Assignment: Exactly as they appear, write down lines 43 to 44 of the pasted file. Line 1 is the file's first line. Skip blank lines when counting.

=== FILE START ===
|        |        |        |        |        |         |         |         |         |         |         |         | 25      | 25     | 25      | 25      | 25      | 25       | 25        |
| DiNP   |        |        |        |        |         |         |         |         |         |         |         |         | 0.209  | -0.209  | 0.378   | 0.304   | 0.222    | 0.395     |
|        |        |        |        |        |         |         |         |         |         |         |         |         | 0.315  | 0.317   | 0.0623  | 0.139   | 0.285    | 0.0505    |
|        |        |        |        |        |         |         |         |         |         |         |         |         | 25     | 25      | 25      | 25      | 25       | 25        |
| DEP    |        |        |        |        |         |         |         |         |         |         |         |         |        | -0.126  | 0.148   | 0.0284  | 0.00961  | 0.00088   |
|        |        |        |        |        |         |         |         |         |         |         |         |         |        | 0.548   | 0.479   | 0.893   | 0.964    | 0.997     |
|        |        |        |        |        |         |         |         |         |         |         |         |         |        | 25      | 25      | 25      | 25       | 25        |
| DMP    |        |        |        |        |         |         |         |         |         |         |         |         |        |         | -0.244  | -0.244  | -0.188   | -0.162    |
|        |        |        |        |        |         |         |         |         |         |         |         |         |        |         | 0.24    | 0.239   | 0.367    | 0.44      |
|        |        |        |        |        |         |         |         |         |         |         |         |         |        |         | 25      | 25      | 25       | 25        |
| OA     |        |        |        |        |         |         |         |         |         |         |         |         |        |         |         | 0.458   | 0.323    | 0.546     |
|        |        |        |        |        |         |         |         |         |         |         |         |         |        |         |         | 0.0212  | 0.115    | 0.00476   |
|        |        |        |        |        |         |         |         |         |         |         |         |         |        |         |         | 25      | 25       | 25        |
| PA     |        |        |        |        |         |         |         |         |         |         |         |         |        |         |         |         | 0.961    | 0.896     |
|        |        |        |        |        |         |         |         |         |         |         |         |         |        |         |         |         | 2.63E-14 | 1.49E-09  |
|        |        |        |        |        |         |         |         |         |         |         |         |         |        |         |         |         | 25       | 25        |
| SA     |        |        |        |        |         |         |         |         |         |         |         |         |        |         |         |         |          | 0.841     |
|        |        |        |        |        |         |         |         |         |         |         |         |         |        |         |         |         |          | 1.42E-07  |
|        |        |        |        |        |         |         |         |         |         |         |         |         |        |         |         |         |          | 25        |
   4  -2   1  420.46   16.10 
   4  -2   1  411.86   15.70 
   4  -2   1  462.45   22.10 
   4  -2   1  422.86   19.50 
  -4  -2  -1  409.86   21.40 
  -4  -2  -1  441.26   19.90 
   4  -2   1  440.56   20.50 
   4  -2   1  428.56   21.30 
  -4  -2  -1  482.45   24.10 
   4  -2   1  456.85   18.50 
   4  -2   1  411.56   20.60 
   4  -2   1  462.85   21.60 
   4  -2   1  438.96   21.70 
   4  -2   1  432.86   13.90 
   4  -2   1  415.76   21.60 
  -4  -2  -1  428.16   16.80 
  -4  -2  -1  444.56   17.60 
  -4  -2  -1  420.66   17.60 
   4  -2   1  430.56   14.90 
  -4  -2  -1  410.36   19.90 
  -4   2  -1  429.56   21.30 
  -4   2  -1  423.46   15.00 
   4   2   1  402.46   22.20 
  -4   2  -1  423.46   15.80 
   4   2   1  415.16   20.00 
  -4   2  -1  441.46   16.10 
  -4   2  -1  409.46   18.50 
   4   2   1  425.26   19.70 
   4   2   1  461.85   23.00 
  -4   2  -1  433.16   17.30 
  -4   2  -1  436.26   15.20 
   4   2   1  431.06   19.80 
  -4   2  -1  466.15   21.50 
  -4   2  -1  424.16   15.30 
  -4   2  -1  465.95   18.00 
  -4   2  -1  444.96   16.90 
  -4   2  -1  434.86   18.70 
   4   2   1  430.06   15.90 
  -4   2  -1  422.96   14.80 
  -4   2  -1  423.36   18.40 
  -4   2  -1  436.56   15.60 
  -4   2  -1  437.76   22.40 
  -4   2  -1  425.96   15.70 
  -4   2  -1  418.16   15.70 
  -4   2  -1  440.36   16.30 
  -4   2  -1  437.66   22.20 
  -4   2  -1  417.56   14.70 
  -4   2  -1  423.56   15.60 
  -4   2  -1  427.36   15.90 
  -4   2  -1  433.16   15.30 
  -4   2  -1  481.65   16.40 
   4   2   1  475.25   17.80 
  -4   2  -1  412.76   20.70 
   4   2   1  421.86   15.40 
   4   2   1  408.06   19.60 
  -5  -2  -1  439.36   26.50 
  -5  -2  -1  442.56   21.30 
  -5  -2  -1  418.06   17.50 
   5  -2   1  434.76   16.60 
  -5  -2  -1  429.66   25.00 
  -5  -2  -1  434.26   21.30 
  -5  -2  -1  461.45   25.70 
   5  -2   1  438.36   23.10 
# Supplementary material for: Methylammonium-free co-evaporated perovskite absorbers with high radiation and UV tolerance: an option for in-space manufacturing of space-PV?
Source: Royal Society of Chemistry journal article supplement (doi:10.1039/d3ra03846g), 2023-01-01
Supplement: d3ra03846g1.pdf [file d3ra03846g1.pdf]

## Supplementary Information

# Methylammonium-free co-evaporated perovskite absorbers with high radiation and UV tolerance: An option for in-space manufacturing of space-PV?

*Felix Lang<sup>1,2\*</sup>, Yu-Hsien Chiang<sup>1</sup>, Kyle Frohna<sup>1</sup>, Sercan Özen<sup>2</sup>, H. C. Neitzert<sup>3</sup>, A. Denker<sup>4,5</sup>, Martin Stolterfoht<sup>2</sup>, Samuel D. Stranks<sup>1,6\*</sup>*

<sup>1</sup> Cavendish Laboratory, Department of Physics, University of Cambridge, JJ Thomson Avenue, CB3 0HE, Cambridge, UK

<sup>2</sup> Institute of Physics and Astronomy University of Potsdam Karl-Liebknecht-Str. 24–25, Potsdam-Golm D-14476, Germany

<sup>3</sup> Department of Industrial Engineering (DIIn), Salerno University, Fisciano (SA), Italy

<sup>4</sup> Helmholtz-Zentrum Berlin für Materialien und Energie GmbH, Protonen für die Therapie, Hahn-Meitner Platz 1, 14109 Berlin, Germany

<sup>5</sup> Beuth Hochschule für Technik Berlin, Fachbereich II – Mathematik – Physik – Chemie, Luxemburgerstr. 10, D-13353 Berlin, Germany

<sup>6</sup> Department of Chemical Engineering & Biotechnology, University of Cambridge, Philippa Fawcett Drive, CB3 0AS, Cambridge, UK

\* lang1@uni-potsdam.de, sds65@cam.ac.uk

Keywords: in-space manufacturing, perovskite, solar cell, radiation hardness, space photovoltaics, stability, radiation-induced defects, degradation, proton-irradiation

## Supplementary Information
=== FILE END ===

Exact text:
  -4   2  -1  423.46   15.80 
   4   2   1  415.16   20.00 